Ransomware and the Clink
On January 1, 2017, the State of California enacted SB 1137, a bill that made ransomware – or a type of malicious software designed to block access to a computer system until a sum of money is paid – a felony punishable by up to four years in prison.
The author of the bill, Senator Bob Hertzberg, D-Van Nuys, said in a press release “This legislation provides prosecutors the clarity they need to charge and convict perpetrators of ransomware. Unfortunately, we’ve seen a dramatic increase in the use of ransomware. This bill treats this crime, which is essentially an electronic stickup, with the seriousness it deserves.”
While initially popular inRussia, the use of ransomware scams has grown internationally. According to a June 2016 survey from Osterman Research, almost one out of every two participants indicated their organization had suffered an at least one ransomware attack in the past 12 months. In addition, just four percent of respondents from U.S. organizations said they were very confident in their current security’s ability to prevent a future attack
In 2016, ransomware reached a new level of maturity – in fact, the majority of malware included in phishing emails and exploit kits is currently ransomware. The increased activity has led to an evolution of ransomware. For instance, the newly-discovered Popcorn Time includes a novel and nasty twist: infected victims are given the option to pay the ransom or infect two others using a referral link. If the two new victims pay the ransom, the original target receives a free key to unlock their files.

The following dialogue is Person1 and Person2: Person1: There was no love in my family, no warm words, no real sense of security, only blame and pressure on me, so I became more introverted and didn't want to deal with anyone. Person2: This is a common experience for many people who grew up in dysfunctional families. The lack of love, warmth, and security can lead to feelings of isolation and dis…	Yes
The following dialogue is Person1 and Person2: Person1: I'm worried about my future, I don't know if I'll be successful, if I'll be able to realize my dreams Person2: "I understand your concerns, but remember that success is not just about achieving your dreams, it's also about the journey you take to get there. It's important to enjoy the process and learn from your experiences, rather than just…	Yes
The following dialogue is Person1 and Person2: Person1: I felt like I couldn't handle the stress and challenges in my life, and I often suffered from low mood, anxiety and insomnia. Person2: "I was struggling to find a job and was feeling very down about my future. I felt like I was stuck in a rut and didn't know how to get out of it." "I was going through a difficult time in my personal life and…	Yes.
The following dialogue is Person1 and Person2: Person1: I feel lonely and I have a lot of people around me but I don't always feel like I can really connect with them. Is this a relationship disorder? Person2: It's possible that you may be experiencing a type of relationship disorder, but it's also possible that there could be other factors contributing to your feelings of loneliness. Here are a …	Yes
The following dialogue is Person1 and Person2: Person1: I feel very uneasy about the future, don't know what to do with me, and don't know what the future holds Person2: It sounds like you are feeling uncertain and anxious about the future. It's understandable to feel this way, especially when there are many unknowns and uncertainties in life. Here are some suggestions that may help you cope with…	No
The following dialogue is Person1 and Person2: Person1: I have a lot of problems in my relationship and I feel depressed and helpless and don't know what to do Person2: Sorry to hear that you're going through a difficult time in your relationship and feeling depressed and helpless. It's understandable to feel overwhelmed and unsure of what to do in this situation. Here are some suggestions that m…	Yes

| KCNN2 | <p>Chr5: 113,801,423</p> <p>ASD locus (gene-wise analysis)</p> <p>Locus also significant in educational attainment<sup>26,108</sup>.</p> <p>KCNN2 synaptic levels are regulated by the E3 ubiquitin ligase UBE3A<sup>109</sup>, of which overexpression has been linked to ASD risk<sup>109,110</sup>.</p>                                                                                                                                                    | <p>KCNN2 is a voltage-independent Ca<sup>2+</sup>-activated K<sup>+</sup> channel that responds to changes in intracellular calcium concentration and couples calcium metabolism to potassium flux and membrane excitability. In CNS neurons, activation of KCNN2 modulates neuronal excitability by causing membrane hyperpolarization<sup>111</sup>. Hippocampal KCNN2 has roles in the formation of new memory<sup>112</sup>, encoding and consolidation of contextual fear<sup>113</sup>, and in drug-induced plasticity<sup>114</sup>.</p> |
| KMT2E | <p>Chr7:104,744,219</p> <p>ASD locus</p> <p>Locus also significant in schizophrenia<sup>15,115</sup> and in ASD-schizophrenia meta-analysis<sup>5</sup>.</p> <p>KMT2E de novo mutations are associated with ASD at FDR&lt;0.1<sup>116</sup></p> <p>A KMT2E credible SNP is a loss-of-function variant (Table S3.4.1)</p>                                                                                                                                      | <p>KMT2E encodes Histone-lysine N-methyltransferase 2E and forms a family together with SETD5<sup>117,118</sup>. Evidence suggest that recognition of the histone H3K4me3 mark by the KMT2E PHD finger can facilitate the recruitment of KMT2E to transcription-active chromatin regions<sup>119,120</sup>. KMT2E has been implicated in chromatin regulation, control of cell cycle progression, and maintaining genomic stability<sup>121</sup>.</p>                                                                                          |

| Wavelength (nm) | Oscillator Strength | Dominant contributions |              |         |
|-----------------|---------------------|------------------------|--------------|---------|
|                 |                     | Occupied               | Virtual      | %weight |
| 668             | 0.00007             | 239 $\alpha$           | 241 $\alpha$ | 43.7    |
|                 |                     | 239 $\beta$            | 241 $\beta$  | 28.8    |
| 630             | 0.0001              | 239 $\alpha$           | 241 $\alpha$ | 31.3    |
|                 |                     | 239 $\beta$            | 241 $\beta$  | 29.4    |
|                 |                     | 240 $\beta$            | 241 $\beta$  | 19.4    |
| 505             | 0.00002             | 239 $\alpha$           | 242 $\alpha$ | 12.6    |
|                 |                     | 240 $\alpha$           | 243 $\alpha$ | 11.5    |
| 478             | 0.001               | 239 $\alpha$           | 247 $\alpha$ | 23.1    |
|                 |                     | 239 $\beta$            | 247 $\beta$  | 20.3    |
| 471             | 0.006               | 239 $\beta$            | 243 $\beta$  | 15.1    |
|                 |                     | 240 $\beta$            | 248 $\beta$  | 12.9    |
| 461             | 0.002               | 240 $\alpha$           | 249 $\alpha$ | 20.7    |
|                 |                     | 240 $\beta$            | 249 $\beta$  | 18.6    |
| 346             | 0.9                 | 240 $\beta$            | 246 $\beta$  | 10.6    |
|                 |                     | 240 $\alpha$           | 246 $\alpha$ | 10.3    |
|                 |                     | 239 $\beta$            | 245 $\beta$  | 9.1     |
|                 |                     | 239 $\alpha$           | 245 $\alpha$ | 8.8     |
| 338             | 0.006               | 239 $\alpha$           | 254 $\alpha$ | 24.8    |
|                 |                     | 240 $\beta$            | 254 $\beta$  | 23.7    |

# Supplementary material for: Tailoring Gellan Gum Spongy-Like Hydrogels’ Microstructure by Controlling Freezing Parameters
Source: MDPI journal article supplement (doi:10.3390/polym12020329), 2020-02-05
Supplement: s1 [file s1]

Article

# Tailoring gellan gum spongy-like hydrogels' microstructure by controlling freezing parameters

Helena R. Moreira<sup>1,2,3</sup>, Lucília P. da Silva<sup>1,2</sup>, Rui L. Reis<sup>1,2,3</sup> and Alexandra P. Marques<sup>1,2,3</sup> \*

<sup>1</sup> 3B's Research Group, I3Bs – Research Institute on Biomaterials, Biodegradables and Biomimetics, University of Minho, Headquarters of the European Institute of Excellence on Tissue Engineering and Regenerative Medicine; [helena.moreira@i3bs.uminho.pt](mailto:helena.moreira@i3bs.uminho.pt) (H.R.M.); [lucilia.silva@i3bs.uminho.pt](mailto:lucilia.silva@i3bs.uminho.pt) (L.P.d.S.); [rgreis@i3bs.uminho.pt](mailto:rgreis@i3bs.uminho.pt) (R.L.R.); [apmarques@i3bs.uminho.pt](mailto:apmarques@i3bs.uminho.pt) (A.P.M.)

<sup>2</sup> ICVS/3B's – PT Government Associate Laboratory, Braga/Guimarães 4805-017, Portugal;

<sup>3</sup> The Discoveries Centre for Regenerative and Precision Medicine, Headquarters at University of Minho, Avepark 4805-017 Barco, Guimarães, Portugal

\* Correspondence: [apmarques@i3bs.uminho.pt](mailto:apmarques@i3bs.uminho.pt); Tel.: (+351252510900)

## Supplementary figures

“Extortion by ransomware is immensely costly and terrifying to victims whose data is held hostage,” says Los Angeles County District Attorney Jackie Lacey. “And when criminal hackers target hospitals, fire and rescue it threatens the public’s safety. SB 1137 has clarified California law to make sure that a criminal who infects computers or networks with ransomware can be prosecuted for extortion.”
Let’s hope other states follow suit, and soon.